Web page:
58th Special Operations Wing

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58th Wing
58th Special Operations Wing.jpg
58th Special Operations Wing Shield
Active 25 June 1952 – present
Country United States
Branch Air Force
Type Training
Part of Air Education and Training Command
Garrison/HQ Kirtland Air Force Base
Engagements
Korean Service Medal - Ribbon.svg
  • Korean Service (1952–1953)
Decorations Presidential Unit Citation ribbon.svg DUC
Outstanding Unit ribbon.svg AFOUA
Presidential Unit Citation (Philippines).svg PPUC
Presidential Unit Citation (Korea).svg ROK PUC
Commanders
Current
commander
Col. Eric Kivi [1]
58 SOW Boeing CV-22B Osprey 04-0026

The 58th Special Operations Wing (58 SOW) is a combat unit of the United States Air Force stationed at Kirtland Air Force Base, New Mexico. The 58 SOW is part of the Air Education and Training Command (AETC) Nineteenth Air Force.

The 58 SOW serves as the premier training site for Air Force special operations and combat search and rescue aircrews. The wing provides undergraduate, graduate and refresher aircrew training for special operations, rescue, missile site support and distinguished visitor airlift helicopter, fixed-wing, and tilt-rotor operations. The wing employs more than 1,800 personnel and trains over 2,000 students a year.

Overview[edit]

The 58th Special Operations Wing’s mission is to train mission-ready special operations, combat search and rescue, missile site support, and UH-1 Distinguished Visitor airlift crews directly supporting Air Expeditionary Forces for the United States Air Force.

The wing operates eight different weapon systems: UH-1H, UH-1N, HH-60G, MH-53J, HC-130P/N, MC-130P, MC-130H, and CV-22 totaling more than 60 assigned aircraft. The wing teaches more than 100 courses in 18 different crew positions including pilot, navigator, electronic warfare officer, flight engineer, communications system operator, loadmaster and aerial gunner. Additionally, the wing responds to worldwide contingencies and provides search and rescue support to the local community. The 58 SOW should receive deliveries of the MC-130J and HC-130J in the Summer/Fall of 2011.

The unit also provides people and airlift needed in response to crises around the world and assists civilian authorities in regional rescues. Supporting the 58th SOW training mission are approximately 1,250 military and civilian personnel administering over 90 training systems courses in 18 different crew positions. Assigned units are:

The 58th SOW's Operations Group is composed of three flying and two support squadrons, as well as two geographically separated pilot training units, one at Fort Rucker, Alabama, and the other at MCAS New River, North Carolina.

23d Flying Training Squadron (23 FTS) (UH-1H & TH-1H) (Fort Rucker, AL)
71st Special Operations Squadron (71 SOS) (CV-22)
512th Rescue Squadron (512 RQS) (UH-1N & HH-60G)
550th Special Operations Squadron (550 SOS) (MC-130H, HC-130P & MC-130P)
58th Operations Support Squadron (58 OSS)
58th Training Squadron (58 TRS)
415th Special Operations Squadron (415th SOS) (HC-130J & MC-130J)
  • 58th Maintenance Group (58 MXG)
58th Maintenance Squadron (58 MXS)
58th Maintenance Operations Squadron (58 MOS)
58th Aircraft Maintenance Squadron (58 AMX)

History[edit]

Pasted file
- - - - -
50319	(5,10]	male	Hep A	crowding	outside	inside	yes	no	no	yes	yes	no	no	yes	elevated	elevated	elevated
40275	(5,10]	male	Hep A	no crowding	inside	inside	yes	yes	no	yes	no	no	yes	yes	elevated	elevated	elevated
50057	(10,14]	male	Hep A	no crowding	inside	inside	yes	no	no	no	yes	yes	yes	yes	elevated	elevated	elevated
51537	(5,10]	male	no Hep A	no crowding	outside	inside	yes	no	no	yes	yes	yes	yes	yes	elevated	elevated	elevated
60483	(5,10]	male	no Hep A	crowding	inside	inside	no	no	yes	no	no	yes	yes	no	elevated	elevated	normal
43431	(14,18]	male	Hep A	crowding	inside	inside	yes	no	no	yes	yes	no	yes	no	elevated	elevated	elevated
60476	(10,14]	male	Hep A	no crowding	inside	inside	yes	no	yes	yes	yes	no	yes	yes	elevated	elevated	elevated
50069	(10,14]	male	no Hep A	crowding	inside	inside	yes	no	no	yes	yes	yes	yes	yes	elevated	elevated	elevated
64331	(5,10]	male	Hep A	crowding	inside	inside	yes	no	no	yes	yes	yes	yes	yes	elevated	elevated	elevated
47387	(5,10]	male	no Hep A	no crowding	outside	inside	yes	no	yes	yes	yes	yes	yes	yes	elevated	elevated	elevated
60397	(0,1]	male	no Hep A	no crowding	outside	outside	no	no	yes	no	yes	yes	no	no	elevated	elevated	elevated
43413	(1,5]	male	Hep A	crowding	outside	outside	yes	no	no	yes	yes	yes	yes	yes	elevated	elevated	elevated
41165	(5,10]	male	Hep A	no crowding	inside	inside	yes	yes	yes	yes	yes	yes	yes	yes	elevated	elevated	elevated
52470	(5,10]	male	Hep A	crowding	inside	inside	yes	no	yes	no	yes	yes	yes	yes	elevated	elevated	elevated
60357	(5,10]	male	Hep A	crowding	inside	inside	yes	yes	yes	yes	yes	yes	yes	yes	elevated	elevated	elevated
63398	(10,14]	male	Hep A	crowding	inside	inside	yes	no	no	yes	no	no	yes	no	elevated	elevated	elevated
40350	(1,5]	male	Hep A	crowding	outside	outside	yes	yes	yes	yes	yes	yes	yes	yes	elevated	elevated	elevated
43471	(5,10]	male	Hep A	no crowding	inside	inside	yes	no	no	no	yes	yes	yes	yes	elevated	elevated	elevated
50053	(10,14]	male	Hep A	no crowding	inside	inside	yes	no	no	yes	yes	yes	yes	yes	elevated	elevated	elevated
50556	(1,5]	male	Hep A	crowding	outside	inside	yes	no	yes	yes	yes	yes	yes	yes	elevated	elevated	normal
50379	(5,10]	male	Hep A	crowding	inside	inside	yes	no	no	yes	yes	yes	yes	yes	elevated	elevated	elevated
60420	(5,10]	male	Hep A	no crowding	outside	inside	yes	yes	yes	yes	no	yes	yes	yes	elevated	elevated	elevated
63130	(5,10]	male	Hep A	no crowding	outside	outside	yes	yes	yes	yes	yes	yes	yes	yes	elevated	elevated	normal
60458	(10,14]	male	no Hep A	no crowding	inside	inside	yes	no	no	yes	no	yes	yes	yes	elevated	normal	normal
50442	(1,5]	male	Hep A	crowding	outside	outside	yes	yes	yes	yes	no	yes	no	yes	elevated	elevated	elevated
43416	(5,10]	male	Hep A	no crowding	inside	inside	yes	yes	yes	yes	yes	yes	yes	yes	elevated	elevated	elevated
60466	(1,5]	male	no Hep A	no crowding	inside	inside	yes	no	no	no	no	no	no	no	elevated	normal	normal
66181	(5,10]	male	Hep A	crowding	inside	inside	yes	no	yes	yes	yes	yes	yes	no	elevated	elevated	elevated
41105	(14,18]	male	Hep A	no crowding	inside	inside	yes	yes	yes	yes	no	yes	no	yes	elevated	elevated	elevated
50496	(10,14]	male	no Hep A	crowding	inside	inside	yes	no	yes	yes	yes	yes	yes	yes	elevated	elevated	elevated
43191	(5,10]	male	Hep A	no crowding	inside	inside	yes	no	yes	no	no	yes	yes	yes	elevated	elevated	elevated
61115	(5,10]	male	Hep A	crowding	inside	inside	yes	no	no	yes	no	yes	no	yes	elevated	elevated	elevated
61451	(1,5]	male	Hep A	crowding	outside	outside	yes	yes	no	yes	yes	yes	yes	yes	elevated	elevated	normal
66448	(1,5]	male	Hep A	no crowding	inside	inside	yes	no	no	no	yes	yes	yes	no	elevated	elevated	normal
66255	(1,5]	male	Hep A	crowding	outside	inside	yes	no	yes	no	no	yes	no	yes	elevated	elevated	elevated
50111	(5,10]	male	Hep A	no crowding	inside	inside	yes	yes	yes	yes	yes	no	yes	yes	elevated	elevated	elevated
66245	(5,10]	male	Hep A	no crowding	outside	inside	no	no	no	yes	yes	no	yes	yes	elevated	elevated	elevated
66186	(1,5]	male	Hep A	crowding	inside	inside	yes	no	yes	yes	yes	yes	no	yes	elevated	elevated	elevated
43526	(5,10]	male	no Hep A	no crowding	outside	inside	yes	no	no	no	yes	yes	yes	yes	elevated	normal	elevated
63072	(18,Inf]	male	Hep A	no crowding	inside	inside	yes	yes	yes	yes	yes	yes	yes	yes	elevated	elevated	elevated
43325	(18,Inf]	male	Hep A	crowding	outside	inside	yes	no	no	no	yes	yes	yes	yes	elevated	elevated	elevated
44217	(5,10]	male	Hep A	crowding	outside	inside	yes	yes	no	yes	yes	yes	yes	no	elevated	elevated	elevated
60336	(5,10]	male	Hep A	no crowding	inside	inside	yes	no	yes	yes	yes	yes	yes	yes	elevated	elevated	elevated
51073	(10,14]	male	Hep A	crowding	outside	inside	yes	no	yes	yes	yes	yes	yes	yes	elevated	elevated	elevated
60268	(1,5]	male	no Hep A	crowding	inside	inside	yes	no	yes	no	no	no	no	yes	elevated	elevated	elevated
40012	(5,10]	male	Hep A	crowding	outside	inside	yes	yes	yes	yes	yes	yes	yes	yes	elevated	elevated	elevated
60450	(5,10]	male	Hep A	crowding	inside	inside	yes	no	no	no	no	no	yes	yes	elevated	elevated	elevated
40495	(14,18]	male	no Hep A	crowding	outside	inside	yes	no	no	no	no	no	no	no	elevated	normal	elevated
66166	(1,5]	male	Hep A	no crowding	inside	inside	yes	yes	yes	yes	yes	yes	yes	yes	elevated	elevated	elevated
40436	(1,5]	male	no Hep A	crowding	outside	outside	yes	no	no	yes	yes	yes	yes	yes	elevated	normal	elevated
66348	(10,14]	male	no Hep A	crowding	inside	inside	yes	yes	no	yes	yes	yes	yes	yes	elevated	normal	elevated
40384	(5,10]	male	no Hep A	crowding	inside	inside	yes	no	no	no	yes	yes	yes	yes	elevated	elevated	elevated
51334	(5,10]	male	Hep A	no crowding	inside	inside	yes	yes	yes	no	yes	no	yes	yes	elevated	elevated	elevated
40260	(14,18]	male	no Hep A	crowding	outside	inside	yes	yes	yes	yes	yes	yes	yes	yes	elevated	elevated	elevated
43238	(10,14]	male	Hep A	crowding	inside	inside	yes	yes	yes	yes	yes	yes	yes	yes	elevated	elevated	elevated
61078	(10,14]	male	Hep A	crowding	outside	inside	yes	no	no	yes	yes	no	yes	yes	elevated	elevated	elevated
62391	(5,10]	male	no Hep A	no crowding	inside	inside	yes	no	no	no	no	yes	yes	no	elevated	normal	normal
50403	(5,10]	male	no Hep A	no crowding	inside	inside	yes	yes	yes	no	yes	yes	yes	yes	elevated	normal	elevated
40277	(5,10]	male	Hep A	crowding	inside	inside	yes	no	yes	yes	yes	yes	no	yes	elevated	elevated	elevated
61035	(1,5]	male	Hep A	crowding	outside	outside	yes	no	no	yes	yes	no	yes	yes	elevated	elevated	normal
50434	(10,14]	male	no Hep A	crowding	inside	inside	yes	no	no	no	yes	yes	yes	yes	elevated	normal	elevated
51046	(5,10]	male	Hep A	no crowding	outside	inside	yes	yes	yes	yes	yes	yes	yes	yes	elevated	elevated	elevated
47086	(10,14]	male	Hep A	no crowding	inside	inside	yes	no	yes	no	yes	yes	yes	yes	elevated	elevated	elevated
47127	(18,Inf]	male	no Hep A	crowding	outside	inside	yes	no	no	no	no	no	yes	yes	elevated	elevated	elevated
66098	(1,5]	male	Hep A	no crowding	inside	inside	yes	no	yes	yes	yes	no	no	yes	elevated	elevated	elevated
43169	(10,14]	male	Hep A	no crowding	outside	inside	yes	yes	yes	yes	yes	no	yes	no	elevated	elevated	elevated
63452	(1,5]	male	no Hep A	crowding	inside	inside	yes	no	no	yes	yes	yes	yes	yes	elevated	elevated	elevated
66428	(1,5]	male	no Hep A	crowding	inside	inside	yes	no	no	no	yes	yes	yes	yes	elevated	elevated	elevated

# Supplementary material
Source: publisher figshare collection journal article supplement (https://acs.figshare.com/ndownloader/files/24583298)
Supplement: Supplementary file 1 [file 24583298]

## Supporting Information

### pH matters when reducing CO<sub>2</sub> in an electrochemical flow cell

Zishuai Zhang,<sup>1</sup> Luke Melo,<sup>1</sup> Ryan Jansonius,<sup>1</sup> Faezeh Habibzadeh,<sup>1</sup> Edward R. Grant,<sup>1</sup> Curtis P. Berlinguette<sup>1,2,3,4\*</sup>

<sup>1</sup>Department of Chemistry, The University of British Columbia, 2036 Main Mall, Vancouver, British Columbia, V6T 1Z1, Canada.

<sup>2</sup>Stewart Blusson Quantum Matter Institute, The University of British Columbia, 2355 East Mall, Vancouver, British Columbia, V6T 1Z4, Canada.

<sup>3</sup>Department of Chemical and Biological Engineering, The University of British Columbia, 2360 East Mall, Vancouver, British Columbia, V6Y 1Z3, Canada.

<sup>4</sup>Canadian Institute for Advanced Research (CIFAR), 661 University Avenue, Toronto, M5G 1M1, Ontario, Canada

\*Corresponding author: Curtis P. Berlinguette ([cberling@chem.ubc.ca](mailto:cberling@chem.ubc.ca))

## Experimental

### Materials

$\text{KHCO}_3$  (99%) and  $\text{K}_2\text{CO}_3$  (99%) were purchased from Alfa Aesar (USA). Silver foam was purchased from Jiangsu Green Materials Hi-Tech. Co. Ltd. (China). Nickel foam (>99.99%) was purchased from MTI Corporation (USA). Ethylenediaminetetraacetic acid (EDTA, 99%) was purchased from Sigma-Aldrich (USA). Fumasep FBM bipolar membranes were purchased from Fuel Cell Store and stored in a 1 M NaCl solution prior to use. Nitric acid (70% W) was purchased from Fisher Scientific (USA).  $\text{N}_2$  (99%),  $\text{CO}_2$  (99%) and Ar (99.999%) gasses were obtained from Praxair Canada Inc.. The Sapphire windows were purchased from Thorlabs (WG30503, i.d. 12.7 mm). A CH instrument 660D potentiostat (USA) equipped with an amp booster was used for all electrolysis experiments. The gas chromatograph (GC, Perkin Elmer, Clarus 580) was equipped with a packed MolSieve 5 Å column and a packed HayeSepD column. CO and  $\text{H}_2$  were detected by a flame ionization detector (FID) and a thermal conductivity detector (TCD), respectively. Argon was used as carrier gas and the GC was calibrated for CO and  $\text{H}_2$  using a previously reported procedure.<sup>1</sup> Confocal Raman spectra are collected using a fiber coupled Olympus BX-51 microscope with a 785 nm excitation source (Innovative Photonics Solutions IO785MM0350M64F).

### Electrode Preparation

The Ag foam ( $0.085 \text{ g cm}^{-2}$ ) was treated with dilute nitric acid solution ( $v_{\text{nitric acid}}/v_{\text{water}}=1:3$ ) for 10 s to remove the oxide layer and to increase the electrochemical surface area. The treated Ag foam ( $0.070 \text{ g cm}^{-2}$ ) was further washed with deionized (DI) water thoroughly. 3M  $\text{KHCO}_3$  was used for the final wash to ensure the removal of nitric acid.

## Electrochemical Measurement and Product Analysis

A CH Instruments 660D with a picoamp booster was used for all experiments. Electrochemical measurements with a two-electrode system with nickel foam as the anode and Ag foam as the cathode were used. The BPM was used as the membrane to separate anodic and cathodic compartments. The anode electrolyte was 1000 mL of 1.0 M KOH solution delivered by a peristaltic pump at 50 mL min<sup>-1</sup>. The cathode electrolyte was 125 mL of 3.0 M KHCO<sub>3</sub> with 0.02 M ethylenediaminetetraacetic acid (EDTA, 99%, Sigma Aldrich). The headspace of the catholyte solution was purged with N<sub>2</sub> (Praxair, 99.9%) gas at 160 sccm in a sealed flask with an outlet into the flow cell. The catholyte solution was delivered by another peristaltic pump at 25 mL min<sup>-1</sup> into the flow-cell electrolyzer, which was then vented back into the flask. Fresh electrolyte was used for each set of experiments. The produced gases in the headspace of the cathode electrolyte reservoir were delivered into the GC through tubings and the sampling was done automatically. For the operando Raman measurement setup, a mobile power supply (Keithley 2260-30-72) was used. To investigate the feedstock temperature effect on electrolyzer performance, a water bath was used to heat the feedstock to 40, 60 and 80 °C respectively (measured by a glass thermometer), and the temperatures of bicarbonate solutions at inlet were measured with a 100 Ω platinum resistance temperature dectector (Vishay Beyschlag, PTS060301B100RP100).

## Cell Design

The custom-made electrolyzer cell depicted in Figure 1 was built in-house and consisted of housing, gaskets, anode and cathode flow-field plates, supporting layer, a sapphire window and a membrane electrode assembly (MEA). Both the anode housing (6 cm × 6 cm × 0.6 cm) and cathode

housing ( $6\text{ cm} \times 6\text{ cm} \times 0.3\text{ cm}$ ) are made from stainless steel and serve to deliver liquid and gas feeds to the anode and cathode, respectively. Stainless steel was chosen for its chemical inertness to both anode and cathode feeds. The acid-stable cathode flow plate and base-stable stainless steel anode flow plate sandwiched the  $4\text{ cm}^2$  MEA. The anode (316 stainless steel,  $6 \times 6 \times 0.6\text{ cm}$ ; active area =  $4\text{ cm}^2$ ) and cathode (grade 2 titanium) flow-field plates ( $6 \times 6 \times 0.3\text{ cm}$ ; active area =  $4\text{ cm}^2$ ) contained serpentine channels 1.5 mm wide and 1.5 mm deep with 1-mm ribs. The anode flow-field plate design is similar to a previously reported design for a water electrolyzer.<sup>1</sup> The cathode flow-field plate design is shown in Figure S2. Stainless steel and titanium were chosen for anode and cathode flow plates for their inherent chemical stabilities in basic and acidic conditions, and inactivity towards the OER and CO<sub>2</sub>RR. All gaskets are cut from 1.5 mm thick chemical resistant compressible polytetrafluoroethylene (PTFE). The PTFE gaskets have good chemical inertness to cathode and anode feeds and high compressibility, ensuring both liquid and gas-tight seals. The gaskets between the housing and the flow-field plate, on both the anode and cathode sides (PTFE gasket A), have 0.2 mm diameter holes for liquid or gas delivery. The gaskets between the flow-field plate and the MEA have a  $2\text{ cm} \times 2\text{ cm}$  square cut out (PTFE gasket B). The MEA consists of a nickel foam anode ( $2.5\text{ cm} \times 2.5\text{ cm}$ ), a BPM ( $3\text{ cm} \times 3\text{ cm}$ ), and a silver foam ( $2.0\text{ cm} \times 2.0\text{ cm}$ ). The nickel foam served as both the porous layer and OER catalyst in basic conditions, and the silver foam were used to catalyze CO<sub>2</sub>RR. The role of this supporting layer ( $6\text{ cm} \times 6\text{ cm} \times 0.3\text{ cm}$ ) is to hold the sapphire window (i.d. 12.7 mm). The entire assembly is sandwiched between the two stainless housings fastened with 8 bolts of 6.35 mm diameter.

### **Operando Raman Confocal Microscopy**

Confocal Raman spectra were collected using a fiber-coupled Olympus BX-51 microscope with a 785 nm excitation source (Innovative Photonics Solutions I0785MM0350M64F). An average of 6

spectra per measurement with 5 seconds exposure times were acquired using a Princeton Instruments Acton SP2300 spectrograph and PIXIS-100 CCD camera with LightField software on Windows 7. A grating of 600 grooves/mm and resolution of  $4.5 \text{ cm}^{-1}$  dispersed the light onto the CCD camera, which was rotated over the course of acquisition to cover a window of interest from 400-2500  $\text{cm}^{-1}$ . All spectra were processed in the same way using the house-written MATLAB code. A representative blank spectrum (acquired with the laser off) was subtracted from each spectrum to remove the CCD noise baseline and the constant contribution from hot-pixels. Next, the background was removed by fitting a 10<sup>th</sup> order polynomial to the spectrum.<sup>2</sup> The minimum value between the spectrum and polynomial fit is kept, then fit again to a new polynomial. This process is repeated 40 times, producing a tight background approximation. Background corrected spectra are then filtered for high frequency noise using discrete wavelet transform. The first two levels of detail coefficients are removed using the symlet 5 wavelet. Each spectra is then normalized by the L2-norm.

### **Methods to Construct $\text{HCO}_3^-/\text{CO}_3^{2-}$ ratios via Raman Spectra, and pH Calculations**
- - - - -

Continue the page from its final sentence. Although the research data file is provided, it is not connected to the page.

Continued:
For additional history and lineage, see 58th Operations Group

Established as 58 Fighter-Bomber Wing on 25 June 1952. Activated on 10 July 1952 in Japan absorbing the personnel and equipment of the Texas Air National Guard 136th Fighter-Bomber Group.

Korean War[edit]

The 58 FBW moved to K-2 Air Base, later known as Taegu Air Base, South Korea, in August 1952. Fighter-bomber units like the 58 FBW provided close air support for United Nations ground forces. Often flying deep into North Korea's "MiG Alley," the 58 FBW targeted airfields, railways, enemy positions, bridges, dams, electric power plants and vehicles.

The 58th provided close air support for United Nations ground forces and attacked enemy airfields and installations. In 1952 and early 1953 the wing flew interdiction and close air support missions in as well as attacking special strategic targets such as military schools, dams, and port facilities. Having entered the war with slow, short-ranged F-84D ThunderJets, the 58 FBW transitioned in late 1952 to the new "G" model, designed with more speed and range. The wing attacked the major supply port of Sinuiju in September, inflicting heavy damage without loss of personnel or aircraft. Combining with other fighter-bomber units, it attacked the Kumgang Political School at Odong-ni, Kumgang County in October 1952 and the North Korean tank and infantry school at Kangso in February 1953. In May, the 58th bombed North Korean dams, flooding enemy lines of communication and rice fields. On 27 July 1953 it attacked runway at Kanggye and, with the 49 Fighter-Bomber Wing, bombed Sunan Airfield for the final action of the war. The wing earned a second DUC for its actions in the last three months of the war.

These missions were not easy and they came at a cost. By the end of December 1952, the war claimed 18 members of the 58 FBW. By war's end the toll rose even higher. Many wing pilots never came home. According to recent listings from the Defense Prisoner of War/Missing Personnel Office, the fates of 14 members assigned to the 58 FBW are still unaccounted.

As the war raged on, the 58 FBW continued to play a vital role. Truce talks between North Korea and the United Nations stalled in the spring of 1953. As a result, the Air Force began attacking previously excluded targets in the north. On 13 May 1953, Thunderjets from the 58 FBW struck the Toksan Dam, near Pyongyang causing a massive flood. Floodwaters from the breached dam destroyed ten bridges, ruined several square miles of rice crops, flooded over 1,000 buildings and rendered the Sunan Airfield inoperable. Three days later, the wing attacked the Chosan irrigation dam with similar results. The Far East Air Forces commander later credited the 58 FBW by stating the destruction of the Toksan and Chosan irrigation dams resulted in the enemy coming to the truce talks in earnest.